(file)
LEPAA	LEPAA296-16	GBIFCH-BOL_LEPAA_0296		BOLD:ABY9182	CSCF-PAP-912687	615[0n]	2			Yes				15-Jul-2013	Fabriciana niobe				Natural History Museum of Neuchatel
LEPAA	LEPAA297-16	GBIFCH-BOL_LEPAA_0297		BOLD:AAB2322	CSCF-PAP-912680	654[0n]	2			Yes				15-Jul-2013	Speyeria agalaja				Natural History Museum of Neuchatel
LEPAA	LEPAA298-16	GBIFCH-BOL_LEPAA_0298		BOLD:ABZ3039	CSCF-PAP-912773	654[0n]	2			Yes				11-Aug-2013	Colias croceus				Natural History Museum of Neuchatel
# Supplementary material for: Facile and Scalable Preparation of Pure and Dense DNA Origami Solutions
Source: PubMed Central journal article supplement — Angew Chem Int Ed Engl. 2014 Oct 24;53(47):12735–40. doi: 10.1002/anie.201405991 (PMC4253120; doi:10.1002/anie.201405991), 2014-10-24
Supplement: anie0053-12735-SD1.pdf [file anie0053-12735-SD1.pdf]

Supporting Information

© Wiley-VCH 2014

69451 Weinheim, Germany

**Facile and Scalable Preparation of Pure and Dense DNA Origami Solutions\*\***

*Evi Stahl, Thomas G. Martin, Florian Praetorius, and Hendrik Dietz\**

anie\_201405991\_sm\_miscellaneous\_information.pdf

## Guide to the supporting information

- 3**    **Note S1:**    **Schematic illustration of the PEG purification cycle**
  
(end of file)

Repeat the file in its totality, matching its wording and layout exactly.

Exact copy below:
LEPAA	LEPAA296-16	GBIFCH-BOL_LEPAA_0296		BOLD:ABY9182	CSCF-PAP-912687	615[0n]	2			Yes				15-Jul-2013	Fabriciana niobe				Natural History Museum of Neuchatel
LEPAA	LEPAA297-16	GBIFCH-BOL_LEPAA_0297		BOLD:AAB2322	CSCF-PAP-912680	654[0n]	2			Yes				15-Jul-2013	Speyeria agalaja				Natural History Museum of Neuchatel
LEPAA	LEPAA298-16	GBIFCH-BOL_LEPAA_0298		BOLD:ABZ3039	CSCF-PAP-912773	654[0n]	2			Yes				11-Aug-2013	Colias croceus				Natural History Museum of Neuchatel
# Supplementary material for: Facile and Scalable Preparation of Pure and Dense DNA Origami Solutions
Source: PubMed Central journal article supplement — Angew Chem Int Ed Engl. 2014 Oct 24;53(47):12735–40. doi: 10.1002/anie.201405991 (PMC4253120; doi:10.1002/anie.201405991), 2014-10-24
Supplement: anie0053-12735-SD1.pdf [file anie0053-12735-SD1.pdf]

Supporting Information

© Wiley-VCH 2014

69451 Weinheim, Germany

**Facile and Scalable Preparation of Pure and Dense DNA Origami Solutions\*\***

*Evi Stahl, Thomas G. Martin, Florian Praetorius, and Hendrik Dietz\**

anie\_201405991\_sm\_miscellaneous\_information.pdf

## Guide to the supporting information

- 3**    **Note S1:**    **Schematic illustration of the PEG purification cycle**
  